Likability bias, also known as the "likability penalty," is rooted in age-old expectations of women and men. We expect men to be assertive, so when they lead, it feels natural. We expect women to be kind and communal, so when they assert themselves, we like them less.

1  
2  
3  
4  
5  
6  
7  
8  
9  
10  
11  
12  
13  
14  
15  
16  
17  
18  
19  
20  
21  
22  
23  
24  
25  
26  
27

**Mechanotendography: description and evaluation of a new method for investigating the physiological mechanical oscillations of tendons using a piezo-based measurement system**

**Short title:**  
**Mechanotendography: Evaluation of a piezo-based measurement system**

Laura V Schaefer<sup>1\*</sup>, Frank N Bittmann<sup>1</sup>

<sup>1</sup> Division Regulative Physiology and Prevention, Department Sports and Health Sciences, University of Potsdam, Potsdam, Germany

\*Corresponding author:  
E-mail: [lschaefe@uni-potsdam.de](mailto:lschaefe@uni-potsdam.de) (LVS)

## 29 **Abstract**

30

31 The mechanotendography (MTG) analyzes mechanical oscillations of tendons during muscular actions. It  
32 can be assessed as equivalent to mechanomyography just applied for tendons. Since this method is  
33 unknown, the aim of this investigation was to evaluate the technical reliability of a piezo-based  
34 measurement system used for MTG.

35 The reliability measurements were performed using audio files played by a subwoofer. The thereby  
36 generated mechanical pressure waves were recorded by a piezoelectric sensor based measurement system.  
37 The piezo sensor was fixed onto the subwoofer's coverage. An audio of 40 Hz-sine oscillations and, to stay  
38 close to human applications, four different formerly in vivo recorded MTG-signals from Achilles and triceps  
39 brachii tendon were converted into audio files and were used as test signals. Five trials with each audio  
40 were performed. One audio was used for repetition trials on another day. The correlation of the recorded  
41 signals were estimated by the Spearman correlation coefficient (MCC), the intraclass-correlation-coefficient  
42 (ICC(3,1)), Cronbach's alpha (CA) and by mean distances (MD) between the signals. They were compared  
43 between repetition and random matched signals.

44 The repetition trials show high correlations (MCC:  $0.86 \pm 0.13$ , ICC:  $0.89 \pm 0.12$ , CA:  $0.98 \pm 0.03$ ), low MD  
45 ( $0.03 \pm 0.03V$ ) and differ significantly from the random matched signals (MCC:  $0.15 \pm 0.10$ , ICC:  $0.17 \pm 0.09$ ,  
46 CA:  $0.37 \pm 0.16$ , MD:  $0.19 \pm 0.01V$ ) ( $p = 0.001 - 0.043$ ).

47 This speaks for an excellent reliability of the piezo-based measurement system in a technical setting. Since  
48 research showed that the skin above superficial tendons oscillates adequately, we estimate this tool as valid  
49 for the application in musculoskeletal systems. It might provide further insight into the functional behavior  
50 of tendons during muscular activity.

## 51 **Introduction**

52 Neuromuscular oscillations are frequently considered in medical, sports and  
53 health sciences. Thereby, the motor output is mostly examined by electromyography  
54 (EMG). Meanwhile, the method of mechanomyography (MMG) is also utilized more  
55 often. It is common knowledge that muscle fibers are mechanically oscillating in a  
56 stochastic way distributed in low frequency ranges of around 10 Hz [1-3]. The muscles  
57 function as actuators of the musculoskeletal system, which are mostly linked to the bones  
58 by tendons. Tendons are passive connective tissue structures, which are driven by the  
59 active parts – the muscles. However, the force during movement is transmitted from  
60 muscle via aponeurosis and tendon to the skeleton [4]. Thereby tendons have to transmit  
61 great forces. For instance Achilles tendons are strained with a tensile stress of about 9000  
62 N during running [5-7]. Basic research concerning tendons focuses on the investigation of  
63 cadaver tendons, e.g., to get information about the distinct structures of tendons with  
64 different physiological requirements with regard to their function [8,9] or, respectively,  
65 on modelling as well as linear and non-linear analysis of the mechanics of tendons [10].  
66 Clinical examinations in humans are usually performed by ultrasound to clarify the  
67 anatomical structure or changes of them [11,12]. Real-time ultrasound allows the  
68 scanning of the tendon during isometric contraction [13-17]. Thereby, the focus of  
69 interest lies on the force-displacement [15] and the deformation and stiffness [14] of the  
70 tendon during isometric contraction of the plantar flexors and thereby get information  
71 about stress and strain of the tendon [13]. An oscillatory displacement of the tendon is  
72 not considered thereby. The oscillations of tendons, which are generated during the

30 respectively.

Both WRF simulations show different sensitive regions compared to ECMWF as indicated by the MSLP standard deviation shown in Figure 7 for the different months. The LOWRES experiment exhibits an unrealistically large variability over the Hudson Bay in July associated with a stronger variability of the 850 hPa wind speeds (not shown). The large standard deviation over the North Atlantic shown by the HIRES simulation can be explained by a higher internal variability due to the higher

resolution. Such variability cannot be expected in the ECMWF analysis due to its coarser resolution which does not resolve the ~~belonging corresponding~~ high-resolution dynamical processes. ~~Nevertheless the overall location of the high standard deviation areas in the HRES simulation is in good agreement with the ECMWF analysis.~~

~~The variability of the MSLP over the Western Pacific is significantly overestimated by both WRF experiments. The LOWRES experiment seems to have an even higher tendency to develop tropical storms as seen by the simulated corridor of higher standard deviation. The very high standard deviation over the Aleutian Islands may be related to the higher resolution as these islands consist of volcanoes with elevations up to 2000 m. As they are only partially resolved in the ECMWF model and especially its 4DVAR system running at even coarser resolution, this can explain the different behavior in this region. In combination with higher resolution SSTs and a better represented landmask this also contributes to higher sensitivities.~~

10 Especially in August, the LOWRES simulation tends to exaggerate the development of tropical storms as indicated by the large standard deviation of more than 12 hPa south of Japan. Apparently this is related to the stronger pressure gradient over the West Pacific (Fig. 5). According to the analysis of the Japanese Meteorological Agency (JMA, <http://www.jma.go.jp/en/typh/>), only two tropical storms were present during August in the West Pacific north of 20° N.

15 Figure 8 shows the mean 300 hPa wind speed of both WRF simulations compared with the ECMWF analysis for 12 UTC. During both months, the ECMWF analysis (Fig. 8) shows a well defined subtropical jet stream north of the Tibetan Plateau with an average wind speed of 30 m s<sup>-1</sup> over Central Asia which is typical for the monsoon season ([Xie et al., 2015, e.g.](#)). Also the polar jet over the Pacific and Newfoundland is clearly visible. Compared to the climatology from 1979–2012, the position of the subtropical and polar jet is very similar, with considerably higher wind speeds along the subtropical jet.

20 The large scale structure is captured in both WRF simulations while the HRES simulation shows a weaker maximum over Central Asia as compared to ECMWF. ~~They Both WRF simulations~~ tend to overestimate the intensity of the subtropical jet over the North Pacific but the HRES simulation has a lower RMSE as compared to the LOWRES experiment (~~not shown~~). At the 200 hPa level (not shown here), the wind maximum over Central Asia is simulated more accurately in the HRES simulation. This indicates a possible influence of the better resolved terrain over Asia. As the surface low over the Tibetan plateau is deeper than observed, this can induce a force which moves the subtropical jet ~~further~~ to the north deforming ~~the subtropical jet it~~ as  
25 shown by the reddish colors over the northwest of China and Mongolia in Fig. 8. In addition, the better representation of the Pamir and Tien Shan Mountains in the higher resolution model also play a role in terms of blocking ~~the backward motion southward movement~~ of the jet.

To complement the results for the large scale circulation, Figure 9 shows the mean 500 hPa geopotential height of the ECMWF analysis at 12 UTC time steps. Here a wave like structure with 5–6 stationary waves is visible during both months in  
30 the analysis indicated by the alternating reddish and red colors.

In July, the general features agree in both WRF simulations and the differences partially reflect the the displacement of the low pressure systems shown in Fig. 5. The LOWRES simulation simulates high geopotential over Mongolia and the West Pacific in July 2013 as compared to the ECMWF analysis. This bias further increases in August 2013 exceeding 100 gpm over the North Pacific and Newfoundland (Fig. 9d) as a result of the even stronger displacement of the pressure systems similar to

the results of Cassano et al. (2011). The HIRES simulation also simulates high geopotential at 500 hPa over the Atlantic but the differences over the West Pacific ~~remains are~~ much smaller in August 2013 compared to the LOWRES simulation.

(engaging music) - Two quick reminders before I get started. First, people of all genders fall into bias traps, not just men. Second, knowing that unconscious bias exist isn't enough, we need to look for it and commit to take steps to counteract it. Women face what's called likeability bias, also known as the likeability penalty. They often face a social penalty when they assert themselves that men don't. This is rooted in age old expectations of women and men. We expect men to be assertive so when they take the lead it feels natural to us. In contrast, we expect women to be kind and communal, so when they assert themselves we often react unfavorably, we like them less. The likeability bias surfaces in the way we describe women. Women are more likely to be described as intimidating, too aggressive, or bossy, words rarely used to describe men in the workplace. And you may have caught yourself having a negative response to a woman who has a strong leadership style or speaks directly. Being well liked really matters. Ask yourself, who are you more likely to support and promote? The men with high marks across the board, or the woman who has equally high marks but is not as well liked. To make things more complicated women also pay a penalty for being likable. When women are seen as agreeable and nice we often consider them less competent. This double-bind makes the workplace challenging for women. They need to assert themselves to be seen as effective, but when they assert themselves they may be less liked. Men do not walk this same tightrope. Now you know how likeability bias works. As a next step you can use our bias cards to learn specific ways it shows up in the workplace, and what to do about it.